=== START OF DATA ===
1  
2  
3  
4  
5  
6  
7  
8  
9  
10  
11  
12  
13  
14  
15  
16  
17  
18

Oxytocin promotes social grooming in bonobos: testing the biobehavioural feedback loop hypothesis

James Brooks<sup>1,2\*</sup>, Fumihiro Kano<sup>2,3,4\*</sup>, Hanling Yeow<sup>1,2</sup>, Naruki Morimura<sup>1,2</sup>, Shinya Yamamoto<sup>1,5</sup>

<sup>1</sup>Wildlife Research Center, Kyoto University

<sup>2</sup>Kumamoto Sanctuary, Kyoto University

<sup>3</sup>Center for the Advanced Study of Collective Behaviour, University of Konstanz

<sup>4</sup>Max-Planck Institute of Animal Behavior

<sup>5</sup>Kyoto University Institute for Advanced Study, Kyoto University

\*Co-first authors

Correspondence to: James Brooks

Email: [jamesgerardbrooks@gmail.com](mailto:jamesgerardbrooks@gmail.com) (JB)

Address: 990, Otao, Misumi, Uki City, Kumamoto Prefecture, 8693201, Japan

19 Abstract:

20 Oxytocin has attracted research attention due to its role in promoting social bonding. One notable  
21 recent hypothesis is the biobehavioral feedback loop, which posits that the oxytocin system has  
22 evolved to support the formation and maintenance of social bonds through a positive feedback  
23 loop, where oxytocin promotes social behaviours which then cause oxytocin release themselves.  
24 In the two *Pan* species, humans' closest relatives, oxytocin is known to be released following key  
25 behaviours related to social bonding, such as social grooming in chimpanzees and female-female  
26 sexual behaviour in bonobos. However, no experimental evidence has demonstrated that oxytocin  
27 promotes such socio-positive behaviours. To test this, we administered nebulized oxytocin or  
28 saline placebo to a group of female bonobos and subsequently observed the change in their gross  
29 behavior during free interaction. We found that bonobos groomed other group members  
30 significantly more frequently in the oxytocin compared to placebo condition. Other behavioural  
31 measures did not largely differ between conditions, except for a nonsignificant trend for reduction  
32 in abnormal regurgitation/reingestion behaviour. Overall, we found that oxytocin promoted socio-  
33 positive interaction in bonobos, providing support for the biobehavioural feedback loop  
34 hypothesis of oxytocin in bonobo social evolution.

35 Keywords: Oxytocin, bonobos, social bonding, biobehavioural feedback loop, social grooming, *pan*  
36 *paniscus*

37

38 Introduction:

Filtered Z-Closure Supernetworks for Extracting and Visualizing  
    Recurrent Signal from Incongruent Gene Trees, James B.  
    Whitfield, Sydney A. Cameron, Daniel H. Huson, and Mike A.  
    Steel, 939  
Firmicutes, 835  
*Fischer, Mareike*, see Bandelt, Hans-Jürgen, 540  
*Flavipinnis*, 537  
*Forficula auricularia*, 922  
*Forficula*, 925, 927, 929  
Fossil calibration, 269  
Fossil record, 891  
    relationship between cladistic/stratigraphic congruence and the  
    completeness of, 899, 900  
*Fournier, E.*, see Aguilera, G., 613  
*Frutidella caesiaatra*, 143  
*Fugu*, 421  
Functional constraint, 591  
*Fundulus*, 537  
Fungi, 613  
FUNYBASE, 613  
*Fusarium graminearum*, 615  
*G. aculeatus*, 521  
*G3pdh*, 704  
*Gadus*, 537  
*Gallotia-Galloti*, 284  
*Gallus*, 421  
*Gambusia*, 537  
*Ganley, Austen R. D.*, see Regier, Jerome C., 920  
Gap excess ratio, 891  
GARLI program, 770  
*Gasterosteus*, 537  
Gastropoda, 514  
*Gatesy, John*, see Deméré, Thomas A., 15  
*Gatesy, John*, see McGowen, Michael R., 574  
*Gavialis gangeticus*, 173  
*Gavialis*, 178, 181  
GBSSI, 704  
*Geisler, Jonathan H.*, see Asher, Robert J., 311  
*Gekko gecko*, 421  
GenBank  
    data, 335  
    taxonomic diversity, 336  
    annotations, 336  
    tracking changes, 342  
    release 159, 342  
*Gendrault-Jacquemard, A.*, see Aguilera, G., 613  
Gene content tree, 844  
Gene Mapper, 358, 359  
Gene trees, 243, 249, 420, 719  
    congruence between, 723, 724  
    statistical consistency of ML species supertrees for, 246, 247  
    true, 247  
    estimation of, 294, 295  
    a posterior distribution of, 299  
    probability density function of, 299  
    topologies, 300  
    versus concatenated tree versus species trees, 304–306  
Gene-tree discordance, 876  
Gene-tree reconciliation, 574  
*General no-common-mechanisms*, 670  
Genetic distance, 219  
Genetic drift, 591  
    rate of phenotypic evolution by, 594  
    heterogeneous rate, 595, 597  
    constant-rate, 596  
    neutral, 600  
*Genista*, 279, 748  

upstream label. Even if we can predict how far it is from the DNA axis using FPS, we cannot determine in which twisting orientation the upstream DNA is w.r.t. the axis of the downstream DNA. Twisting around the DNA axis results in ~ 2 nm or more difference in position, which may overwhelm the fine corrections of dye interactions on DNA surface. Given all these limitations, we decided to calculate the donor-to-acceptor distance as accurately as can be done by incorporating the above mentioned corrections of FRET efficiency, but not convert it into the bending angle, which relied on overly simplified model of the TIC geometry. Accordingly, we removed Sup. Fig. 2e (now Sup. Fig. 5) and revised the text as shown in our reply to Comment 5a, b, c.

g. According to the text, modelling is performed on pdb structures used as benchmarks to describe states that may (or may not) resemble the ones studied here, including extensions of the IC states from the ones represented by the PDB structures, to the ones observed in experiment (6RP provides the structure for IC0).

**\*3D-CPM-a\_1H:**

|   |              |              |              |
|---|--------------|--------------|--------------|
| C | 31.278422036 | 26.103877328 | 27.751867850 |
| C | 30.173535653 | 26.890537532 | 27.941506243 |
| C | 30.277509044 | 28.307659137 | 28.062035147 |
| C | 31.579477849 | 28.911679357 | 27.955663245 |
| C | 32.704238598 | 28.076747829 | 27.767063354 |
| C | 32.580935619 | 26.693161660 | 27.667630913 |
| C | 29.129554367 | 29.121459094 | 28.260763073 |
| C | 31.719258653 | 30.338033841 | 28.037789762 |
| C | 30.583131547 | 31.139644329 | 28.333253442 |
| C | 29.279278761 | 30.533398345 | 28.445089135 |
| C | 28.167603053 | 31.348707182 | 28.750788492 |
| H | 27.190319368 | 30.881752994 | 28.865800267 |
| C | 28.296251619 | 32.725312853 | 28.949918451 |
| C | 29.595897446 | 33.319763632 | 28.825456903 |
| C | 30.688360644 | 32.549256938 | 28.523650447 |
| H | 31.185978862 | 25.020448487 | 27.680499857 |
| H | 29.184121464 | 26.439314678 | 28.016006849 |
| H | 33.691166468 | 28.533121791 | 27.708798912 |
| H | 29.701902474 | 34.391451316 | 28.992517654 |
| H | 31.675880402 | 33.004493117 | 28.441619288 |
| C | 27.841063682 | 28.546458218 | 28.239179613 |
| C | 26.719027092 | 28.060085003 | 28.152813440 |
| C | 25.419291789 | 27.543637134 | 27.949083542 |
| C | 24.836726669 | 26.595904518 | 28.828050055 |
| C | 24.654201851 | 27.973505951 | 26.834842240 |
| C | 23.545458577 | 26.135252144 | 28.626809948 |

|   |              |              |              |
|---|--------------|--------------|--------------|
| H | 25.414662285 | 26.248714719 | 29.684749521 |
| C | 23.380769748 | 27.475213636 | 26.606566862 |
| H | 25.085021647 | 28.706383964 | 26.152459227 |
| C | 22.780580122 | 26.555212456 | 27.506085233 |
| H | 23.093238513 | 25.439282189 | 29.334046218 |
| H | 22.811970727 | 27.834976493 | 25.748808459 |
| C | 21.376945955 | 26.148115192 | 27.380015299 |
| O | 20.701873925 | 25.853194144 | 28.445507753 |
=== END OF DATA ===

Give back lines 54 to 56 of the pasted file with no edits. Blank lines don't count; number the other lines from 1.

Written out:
Firmicutes, 835  
*Fischer, Mareike*, see Bandelt, Hans-Jürgen, 540  
*Flavipinnis*, 537  